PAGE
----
Up to this point, we have been talking about how a non-traditional PR background can give you unique skills to excel in the field. While this is true, you will still need to do some learning on your own time to develop skills in order to be the best PR professional that you can be. Hitting the books and taking general public relations classes will give you the foundation you need to find success, while also making you a more viable candidate when it comes to hiring.

If you already have a degree in communications, journalism, English, marketing or business, then you have a good base to start with. These fields are all adjacent to PR, which will make you a more viable candidate to recruiters than if you had a degree in another field like math or science. For people in this situation, you likely don’t need to go back to college for a degree. Instead, you should look to brush up on the more specialized public relations skills through online learning sessions. Since you are already an experienced candidate in other areas, brushing up on your PR skills is all you need to do to show a recruiter you are serious about becoming a public relations professional.

Over the past few years, and especially since the start of the pandemic, online learning has become an increasingly popular and respected way to add new skills to your tool-belt. These online courses allow you to learn from accredited professionals within a field, from the convenience of your home, and for a much cheaper price tag than college courses. Some classes to look into taking are:

These classes are just to help you get your thinking and research started. There are a variety of other courses and classes to choose from online that will give you the skills to become a successful PR professional. If have your undergraduate degree and currently working, you might want to check out my university’s exciting new online master’s degree for working pros — Professional Communications. Dr. Matt Ragas, PROCOM program director, and an impressive team of top communication professors have developed an impressive one-year degree program.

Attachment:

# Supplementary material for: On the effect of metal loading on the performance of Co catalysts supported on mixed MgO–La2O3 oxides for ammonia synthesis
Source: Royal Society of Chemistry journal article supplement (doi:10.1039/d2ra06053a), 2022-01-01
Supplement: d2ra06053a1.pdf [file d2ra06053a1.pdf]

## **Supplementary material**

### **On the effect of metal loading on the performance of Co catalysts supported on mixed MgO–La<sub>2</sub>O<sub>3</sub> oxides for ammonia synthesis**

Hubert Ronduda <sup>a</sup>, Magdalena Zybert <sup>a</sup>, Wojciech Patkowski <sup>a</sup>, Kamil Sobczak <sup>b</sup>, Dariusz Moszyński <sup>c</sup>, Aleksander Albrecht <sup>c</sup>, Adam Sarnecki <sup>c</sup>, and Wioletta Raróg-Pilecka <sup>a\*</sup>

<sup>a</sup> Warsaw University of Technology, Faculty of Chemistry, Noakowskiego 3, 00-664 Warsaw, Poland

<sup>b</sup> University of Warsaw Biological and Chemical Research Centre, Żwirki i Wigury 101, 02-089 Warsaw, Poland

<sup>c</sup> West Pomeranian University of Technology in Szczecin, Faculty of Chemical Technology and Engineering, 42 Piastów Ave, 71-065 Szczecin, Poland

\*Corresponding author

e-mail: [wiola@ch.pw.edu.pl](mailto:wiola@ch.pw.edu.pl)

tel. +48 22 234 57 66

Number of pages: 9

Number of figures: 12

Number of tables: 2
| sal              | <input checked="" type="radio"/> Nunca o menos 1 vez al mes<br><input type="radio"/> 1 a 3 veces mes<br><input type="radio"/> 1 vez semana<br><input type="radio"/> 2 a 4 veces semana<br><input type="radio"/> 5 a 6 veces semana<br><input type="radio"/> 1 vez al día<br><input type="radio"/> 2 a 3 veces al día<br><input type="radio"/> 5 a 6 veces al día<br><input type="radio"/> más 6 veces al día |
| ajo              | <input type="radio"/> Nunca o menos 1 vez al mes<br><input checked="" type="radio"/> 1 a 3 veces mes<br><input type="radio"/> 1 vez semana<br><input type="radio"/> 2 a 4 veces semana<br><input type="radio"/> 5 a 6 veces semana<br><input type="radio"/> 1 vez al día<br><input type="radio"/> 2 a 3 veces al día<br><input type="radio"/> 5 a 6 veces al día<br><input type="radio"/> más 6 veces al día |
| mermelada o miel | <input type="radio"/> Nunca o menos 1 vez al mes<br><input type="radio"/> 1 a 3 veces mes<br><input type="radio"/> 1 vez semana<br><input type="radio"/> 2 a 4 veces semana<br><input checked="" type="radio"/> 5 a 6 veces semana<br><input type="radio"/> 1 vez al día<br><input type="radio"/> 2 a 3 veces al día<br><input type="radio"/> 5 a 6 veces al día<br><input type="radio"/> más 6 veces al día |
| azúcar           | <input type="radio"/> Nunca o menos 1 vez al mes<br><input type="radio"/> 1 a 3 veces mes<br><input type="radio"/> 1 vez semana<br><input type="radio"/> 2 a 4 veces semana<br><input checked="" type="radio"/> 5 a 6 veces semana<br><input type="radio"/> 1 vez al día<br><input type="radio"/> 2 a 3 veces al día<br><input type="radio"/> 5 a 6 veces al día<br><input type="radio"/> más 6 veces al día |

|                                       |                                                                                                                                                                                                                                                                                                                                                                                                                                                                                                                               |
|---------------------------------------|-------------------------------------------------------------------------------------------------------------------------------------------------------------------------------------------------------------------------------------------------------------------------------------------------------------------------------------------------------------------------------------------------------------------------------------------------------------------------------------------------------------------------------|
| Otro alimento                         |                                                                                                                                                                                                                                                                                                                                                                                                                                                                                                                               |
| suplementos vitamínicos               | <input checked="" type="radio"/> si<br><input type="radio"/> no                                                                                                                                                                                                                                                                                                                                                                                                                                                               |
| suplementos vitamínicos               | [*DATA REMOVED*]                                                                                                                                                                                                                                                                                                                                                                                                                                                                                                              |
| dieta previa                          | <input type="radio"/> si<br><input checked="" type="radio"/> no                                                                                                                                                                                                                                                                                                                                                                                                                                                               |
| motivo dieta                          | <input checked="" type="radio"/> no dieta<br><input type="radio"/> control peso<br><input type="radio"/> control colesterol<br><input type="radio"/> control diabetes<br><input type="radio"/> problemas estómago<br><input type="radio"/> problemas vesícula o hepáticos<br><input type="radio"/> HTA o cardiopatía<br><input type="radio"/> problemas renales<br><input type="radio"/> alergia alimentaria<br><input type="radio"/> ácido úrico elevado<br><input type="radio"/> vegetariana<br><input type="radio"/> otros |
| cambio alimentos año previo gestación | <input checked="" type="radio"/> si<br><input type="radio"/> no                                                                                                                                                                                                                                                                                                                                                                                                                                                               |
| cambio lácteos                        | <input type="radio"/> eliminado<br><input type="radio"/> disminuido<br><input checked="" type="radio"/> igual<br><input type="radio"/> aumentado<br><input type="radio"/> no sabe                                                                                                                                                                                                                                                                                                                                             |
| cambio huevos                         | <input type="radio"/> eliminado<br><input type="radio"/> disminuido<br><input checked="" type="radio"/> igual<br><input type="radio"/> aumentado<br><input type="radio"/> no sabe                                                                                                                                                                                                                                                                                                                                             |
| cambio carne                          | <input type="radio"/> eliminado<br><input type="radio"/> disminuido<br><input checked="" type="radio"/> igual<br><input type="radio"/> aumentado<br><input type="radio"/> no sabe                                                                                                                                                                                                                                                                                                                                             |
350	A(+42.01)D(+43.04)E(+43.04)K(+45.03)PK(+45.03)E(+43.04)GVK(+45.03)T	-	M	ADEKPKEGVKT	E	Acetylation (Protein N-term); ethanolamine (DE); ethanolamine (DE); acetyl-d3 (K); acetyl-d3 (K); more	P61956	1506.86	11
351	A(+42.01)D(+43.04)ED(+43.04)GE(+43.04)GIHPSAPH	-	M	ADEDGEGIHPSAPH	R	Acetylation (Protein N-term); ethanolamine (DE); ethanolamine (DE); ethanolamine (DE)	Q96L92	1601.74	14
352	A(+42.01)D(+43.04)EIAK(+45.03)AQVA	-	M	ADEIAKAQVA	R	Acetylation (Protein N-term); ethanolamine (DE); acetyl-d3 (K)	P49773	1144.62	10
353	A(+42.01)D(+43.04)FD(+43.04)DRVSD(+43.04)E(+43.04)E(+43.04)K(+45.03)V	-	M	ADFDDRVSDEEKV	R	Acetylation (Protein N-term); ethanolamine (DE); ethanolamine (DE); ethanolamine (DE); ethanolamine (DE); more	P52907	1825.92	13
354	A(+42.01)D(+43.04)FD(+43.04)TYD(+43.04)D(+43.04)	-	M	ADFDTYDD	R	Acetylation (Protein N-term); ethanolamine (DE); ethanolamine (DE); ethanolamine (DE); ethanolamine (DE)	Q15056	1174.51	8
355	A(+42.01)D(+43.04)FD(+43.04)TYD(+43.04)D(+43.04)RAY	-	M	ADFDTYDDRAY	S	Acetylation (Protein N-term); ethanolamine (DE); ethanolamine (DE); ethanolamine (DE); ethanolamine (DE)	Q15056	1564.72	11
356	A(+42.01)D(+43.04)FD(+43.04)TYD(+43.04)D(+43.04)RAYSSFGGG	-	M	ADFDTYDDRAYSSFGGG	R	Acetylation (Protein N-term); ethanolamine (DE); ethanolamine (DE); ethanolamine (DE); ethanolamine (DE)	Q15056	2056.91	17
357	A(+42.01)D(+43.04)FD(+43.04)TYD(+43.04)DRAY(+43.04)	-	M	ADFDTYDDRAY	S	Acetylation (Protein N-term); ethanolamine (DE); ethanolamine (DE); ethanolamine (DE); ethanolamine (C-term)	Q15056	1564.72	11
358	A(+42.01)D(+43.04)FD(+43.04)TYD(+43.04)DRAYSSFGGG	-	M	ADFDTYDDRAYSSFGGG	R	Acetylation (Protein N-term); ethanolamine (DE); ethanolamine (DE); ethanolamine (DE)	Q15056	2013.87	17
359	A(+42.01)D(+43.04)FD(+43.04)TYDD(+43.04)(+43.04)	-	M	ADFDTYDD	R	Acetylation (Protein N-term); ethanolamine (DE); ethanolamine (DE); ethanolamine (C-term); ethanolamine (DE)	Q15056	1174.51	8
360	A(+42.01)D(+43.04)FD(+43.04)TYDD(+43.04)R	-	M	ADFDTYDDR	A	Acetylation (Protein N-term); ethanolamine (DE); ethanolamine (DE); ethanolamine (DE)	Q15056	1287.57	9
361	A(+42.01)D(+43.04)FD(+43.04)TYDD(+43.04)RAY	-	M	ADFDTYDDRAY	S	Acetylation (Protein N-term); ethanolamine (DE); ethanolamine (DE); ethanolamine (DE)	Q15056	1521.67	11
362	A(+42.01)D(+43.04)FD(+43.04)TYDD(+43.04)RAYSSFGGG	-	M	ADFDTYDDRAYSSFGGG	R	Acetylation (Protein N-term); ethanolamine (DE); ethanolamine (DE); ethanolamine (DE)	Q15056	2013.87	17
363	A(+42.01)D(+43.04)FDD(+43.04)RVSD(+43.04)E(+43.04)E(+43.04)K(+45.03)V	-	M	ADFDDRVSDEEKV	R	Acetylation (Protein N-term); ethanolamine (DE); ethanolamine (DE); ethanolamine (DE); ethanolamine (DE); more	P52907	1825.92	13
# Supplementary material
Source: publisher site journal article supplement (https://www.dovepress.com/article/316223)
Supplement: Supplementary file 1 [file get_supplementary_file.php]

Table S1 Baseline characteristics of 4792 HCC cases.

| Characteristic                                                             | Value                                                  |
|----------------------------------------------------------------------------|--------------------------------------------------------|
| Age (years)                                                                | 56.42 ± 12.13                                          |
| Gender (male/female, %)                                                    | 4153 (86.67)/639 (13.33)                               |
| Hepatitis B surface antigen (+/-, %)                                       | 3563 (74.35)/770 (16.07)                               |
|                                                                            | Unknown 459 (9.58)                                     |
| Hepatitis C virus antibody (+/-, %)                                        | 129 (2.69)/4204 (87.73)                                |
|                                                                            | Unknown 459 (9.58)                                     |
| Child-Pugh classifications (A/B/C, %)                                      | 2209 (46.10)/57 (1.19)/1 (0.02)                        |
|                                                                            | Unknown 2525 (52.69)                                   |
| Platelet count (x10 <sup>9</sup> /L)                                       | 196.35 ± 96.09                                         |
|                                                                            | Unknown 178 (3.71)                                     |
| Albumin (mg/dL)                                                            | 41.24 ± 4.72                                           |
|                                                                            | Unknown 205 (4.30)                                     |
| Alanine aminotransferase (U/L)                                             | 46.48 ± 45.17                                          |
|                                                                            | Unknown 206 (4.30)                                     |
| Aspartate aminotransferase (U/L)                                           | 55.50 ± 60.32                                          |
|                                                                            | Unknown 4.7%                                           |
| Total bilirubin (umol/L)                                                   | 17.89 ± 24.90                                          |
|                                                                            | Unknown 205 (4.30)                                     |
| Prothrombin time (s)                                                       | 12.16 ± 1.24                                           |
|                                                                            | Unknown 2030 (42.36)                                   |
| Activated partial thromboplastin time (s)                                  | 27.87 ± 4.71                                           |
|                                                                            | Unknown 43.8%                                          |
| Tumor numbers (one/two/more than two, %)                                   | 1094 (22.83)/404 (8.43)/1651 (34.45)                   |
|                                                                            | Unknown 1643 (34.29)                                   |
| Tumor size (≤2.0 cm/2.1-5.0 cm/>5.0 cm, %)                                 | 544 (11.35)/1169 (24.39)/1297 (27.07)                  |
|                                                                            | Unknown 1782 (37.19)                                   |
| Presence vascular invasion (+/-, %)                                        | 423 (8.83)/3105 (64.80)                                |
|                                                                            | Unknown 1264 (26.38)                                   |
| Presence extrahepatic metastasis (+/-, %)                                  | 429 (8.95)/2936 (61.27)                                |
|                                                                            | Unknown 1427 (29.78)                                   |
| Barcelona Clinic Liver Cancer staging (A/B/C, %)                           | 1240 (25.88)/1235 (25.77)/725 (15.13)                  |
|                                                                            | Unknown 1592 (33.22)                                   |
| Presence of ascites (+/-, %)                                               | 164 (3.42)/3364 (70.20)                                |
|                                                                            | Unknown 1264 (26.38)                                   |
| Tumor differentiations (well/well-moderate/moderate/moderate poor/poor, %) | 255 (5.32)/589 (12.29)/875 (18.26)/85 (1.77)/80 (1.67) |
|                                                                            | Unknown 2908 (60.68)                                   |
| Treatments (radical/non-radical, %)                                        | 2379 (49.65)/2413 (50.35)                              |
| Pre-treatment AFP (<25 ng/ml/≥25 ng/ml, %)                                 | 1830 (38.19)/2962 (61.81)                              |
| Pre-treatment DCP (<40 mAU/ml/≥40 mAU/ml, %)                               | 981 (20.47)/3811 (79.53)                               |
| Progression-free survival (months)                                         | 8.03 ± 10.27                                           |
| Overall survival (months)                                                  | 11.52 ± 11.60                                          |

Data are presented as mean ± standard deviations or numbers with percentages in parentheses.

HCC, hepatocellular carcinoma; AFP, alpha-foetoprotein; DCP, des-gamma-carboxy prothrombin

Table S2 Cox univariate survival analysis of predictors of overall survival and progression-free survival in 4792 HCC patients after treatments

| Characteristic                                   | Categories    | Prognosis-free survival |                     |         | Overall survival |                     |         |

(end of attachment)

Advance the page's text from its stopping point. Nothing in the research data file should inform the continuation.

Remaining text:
Make the Jump

When deciding to make a career change at any point in life, you will find yourself at a crossroads. Whatever the reason may be for you to want to leave the current industry you are working in, it will be difficult to make the official leap. You will be leaving everything you knew for the unknown, and people tend to fear the unknown. There are steps you can take to ease the mental, emotional and financial burden that will take place when starting a new job.

The first thing you can do to make the transition easier is to organize your finances before your job hunt. Quitting a job will always cause financial stress. To ease this stress, you should do a few things. First, try to minimize spending, especially on unnecessary items. After cutting down on spending, you can get a side-gig or freelance type job to bring in some extra cash in your free time. And finally, try to either build up your savings before you quit your job, or lean on the funds from something like a personal loan so you can afford any extra expenses that will help your PR career. Equipment, classes, and seminars all cost money but will help your path into the PR industry in the long run.

Besides your financial health, you will need to maintain your mental and emotional well-being when making a career change. This is going to be a tumultuous time in your life, so give yourself time to accept the change. If you have family or loved ones to lean on, do so. Let them know about your life change and talk to them about your career transition. Changing career paths is becoming more commonplace in society, you never know who might have gone through the same thing you are currently going through.

The PR industry is growing and is expected to continue to grow in the future. The market is ripe for new talent, and the unique nature of the job allows older professionals to jump into the field later in their careers. If you are looking to make the leap, but want to know more about the PR industry, I hope my blog helps provide helpful advice and insights into public relations careers.